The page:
Why Our Super Bowl Ad Failed
This weekend, Cards Against Humanity purchased an ad during the Super Bowl, the most-watched American television broadcast of the year, reaching 114.4 million viewers.
Cards Against Humanity is known as an innovator in the games space, and we saw an opportunity to apply our unique brand of “outside the box” thinking to the old-fashioned world of Super Bowl commercials. While we succeeded creatively, the advertisement showed a disappointing return on investment ($0), and we are now going out of business.
In this postmortem, we will examine the thinking behind the ad and the invaluable lessons we learned along the way.
What Went Wrong?
We wasted time with establishment thinking. To begin work on the ad, we hired a full-service integrated advertising agency called “Wieden+Kennedy.” They wasted over six months of our precious time pitching concepts like people laughing while playing the game, and amusing card combinations coming to life on screen. Eventually, we realized that they were burdened by conventional thinking and fired them, but this left us with only 48 hours to complete the ad.
Overconfidence in the model. After firing the agency, we conducted extensive market research which demonstrated that the American consumer loves potatoes.
The problem we failed to anticipate was that sports fans ultimately had trouble making the leap from “Super Bowl” to “potato” to “Cards Against Humanity.” This was a real lesson in humility. In hindsight, our model lacked “external validity.” Instead of asking one person if the ad was effective 70 times, we should have asked 70 people one time. This left us susceptible to what statisticians call “correlated errors.”
Bad luck. There are just some things you can’t control. We assumed that potatoes would feature more prominently in this year’s Super Bowl. However, no players were shown eating a potato, and potatoes were not mentioned at all during the game. We gambled big and lost.
Failure to trust our customers. We were worried that consumers would confuse the ad for part of the Super Bowl. This led us to make a fear-based decision to write the word “ADVERTISEMENT” on the potato.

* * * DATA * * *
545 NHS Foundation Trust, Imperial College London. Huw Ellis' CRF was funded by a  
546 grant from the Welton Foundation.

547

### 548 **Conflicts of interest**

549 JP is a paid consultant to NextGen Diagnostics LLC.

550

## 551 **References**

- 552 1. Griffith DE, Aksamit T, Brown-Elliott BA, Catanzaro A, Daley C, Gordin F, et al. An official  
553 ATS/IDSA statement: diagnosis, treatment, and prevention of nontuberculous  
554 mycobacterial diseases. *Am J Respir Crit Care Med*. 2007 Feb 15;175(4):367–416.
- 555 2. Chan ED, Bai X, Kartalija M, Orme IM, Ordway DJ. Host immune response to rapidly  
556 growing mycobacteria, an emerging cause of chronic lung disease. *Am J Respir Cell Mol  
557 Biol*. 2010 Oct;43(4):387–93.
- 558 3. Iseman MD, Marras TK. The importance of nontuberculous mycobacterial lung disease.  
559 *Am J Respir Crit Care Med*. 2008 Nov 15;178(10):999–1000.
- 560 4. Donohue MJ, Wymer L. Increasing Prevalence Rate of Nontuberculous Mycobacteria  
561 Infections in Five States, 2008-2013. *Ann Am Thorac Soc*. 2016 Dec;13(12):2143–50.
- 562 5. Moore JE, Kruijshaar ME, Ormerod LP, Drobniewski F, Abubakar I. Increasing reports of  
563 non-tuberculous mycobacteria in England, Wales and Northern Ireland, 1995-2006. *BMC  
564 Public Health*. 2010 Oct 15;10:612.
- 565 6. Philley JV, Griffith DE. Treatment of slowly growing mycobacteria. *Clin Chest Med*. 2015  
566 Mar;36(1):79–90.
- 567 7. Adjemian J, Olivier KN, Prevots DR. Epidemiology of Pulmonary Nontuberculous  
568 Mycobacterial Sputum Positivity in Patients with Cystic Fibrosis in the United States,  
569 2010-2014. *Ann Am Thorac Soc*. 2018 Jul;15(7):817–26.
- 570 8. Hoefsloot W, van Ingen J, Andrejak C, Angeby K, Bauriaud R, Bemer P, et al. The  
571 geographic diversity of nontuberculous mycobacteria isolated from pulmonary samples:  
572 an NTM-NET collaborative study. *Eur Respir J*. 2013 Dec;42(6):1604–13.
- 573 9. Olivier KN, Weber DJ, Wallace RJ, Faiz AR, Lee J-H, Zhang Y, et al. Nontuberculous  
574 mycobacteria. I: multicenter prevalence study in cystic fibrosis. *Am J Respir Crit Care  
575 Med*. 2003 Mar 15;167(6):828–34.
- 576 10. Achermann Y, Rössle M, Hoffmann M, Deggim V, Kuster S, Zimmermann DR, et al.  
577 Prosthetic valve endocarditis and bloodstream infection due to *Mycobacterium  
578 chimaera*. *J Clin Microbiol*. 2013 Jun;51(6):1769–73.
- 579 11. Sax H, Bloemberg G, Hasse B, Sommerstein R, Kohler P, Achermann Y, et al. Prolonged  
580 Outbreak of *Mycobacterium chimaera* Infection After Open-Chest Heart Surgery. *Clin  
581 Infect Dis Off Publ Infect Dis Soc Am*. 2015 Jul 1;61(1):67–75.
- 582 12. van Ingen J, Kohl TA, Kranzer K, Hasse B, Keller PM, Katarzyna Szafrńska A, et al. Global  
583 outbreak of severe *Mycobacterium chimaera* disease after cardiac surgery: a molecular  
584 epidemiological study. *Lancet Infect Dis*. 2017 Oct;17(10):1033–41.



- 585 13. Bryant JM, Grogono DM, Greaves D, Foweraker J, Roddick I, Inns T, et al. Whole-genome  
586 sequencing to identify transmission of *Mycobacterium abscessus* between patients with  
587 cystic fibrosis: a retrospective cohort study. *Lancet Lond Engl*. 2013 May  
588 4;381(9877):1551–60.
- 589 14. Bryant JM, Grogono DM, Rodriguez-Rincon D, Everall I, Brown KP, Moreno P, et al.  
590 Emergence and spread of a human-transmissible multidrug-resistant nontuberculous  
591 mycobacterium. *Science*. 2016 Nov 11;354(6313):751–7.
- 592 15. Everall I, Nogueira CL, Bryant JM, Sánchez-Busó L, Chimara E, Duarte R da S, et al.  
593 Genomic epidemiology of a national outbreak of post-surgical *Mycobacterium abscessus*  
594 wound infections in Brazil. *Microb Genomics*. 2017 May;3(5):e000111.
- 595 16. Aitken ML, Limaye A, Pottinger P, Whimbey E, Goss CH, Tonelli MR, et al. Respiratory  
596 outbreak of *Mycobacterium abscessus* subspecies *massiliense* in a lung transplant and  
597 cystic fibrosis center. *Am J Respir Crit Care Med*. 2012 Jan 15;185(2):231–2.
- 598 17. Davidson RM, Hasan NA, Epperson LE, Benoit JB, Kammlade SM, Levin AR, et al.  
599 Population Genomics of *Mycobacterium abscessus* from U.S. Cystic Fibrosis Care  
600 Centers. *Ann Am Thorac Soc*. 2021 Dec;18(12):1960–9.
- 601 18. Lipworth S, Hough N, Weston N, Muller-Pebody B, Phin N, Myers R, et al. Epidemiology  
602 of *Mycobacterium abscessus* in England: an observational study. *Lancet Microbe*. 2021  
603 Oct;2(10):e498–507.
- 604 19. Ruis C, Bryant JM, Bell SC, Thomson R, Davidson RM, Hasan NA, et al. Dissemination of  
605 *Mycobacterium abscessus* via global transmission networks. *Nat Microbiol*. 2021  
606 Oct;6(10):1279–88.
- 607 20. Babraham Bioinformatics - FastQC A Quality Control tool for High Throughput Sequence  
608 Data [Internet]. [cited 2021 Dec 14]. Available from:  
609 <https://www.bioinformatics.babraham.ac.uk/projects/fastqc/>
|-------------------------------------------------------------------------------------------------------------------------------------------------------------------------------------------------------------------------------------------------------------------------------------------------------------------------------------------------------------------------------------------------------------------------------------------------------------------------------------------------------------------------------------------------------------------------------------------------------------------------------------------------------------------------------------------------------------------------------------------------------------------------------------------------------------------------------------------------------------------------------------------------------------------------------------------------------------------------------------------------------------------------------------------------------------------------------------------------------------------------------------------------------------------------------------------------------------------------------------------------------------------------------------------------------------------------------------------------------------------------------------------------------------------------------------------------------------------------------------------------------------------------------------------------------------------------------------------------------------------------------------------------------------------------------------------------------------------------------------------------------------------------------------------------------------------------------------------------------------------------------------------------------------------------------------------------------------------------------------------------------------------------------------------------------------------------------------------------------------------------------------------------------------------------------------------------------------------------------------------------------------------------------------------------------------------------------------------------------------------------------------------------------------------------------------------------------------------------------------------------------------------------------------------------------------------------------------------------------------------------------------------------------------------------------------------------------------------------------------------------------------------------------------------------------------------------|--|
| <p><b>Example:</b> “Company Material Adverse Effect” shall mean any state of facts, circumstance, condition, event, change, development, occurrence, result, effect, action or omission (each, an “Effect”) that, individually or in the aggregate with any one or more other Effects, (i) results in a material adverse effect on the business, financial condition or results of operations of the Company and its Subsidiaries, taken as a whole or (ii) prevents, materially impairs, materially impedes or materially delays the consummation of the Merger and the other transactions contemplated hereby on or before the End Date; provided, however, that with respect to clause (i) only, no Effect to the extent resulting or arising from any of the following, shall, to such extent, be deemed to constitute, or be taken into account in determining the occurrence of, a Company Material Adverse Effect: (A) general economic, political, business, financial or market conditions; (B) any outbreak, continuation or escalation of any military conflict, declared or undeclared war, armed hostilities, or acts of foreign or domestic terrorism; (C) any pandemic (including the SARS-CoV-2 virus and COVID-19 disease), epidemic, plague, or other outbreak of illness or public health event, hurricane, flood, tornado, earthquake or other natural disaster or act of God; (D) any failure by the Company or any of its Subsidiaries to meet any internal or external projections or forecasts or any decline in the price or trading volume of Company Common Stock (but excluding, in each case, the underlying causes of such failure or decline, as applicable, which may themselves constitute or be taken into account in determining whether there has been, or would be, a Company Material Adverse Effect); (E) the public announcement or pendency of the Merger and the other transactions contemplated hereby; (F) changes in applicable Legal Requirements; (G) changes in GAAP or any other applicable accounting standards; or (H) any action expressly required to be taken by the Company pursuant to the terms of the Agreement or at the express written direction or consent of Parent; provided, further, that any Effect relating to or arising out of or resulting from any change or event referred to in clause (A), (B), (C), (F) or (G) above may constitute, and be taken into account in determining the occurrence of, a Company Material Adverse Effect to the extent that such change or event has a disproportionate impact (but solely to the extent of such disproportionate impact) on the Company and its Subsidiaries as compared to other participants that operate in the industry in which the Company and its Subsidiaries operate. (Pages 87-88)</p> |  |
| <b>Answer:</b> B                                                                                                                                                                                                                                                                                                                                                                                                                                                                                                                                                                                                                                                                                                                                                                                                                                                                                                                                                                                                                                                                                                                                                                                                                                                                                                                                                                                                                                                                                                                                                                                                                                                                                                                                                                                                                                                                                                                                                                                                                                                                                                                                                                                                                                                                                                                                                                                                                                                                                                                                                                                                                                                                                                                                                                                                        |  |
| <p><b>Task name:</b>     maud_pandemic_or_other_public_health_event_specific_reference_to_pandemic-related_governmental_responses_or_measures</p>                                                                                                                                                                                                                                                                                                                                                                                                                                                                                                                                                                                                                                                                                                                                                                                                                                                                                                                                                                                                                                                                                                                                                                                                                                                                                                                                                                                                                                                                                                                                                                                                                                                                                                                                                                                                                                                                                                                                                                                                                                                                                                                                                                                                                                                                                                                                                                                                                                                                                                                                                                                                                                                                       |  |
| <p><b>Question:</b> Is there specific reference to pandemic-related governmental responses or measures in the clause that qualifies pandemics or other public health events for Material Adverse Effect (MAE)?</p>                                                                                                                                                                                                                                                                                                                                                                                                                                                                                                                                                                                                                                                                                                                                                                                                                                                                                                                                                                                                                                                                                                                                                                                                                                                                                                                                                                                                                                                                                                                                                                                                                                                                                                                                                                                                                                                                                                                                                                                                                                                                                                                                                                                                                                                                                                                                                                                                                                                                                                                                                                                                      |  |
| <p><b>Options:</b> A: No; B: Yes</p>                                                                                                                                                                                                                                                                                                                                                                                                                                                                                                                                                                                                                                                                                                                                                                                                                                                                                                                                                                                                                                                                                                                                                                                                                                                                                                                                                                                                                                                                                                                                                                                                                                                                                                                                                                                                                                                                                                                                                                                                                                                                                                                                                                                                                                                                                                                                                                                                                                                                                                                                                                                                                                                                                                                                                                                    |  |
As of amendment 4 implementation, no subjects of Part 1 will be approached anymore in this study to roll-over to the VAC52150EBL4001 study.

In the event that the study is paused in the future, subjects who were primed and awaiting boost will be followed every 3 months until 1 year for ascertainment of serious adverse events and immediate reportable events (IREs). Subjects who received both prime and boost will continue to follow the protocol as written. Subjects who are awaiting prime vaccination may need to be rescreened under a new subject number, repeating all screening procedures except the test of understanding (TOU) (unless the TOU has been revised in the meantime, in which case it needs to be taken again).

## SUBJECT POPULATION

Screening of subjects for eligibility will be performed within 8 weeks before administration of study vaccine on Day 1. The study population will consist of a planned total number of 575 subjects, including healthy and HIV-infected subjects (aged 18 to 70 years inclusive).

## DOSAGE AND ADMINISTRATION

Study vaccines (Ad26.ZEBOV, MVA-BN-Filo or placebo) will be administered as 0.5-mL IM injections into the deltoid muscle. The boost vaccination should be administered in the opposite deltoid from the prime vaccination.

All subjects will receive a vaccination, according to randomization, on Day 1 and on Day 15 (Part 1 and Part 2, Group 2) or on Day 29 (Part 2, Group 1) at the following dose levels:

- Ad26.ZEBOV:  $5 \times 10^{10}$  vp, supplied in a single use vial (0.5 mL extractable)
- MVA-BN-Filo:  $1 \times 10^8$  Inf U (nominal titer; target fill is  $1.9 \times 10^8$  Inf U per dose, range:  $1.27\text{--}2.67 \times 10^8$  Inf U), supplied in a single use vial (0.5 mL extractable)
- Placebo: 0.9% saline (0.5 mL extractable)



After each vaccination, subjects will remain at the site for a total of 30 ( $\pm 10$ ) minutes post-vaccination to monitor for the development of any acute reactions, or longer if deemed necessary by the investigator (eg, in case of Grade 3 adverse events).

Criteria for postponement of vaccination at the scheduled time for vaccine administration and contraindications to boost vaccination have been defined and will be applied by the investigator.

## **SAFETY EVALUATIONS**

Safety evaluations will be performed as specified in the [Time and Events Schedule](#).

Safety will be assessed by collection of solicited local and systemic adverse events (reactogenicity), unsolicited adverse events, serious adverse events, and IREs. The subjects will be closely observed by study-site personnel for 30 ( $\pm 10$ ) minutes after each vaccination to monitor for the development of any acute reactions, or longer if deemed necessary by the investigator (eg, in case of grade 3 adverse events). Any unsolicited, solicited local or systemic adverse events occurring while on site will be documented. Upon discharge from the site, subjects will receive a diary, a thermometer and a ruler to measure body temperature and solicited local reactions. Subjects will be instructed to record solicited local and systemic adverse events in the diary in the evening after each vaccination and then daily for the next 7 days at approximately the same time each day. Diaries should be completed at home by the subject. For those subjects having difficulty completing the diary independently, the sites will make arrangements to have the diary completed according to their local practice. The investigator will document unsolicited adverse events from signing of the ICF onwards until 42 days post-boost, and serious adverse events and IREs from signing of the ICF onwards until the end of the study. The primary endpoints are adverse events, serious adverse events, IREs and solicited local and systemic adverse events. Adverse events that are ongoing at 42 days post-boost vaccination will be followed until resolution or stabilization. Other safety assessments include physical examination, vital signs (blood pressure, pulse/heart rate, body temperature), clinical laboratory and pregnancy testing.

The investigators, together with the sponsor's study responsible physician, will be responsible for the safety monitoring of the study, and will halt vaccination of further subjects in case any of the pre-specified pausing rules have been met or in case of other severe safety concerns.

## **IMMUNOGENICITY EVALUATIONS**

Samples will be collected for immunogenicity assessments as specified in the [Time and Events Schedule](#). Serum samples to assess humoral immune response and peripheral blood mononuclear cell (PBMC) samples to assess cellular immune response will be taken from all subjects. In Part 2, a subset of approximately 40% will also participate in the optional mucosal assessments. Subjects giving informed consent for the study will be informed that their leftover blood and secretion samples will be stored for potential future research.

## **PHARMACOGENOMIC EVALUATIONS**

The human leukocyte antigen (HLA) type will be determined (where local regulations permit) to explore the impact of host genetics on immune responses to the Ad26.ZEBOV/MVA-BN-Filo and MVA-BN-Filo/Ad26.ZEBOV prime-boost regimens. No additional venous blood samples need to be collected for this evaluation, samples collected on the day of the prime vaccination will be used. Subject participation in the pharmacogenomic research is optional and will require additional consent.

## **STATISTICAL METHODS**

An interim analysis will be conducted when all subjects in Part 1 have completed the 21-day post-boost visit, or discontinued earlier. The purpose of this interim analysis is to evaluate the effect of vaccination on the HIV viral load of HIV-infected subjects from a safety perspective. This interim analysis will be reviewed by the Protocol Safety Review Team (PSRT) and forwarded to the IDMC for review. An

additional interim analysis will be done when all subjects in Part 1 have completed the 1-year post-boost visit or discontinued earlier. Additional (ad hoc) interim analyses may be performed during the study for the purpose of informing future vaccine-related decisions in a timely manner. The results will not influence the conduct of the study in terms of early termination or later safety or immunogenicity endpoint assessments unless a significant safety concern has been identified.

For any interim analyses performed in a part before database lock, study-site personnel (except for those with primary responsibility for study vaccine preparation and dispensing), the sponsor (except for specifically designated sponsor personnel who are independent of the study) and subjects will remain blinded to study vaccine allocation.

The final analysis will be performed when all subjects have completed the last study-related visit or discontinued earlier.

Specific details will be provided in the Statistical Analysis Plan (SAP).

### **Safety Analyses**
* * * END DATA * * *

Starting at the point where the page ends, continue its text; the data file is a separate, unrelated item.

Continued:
We were asking the wrong questions. This is a classic trap. We spent so much time selecting the right potato for the ad that we never stopped to question whether a potato would convey the essential brand experience of Cards Against Humanity.
Our ad failed to connect with young people. The potato is a beloved American vegetable with a rich history that is simultaneously hip and timeless. But in today’s modern society, the so-called “rules” of marketing no longer apply. Teens can go anywhere for entertainment, from their portable Nintendo devices to out-of-control blowjob parties. The humble potato just can’t compete.
We were too early. Going into this project, our research showed that most Super Bowl commercials are very exciting to watch. They feature lots of quick camera cuts and cool celebrity spokespeople like Jessica Simpson. Our strategy was to zig where everyone else zagged. We stand by this direction, but the market wasn’t ready for an ad with the courage to stand still in a world that moves.
We didn’t add music. In our concepts for the ad, we imagined cool music playing, like The Rolling Stones. Unfortunately, we spent all of the company’s money buying a Super Bowl ad spot and became fiscally insolvent. This forced us to cut our $1.5 million license for “Sympathy for the Devil.” Looking back, the effectiveness of this concept was 99% based on the audience hearing The Rolling Stones’ “Sympathy for the Devil.”
We forgot to mention our product. There’s no getting around it. We should have included Cards Against Humanity’s name or logo in the ad. Was this our fault? Absolutely. Do we have regrets? Of course. If we could do it all over again, mentioning the name of our product would probably be our first change. Hindsight is 20/20.
Most startups fail for one of two reasons: they run out of money, or they fail to reach an audience. We spent all of our money while simultaneously failing to reach an audience. This is a classic blunder.
At Cards Against Humanity, we believe that you can only become a master by trying and failing. In this way, failure is life’s greatest teacher; failure is actually success. At Cards Against Humanity, we fail all the time. We are veterans of failure. And constant failure, plus unlimited capital, is what led us to greatness.
Will we do another ad next year? Yes. If we successfully emerge from Chapter 11, we will be seeking investors to bankroll an ad concept involving popular cereal grain “wheat.”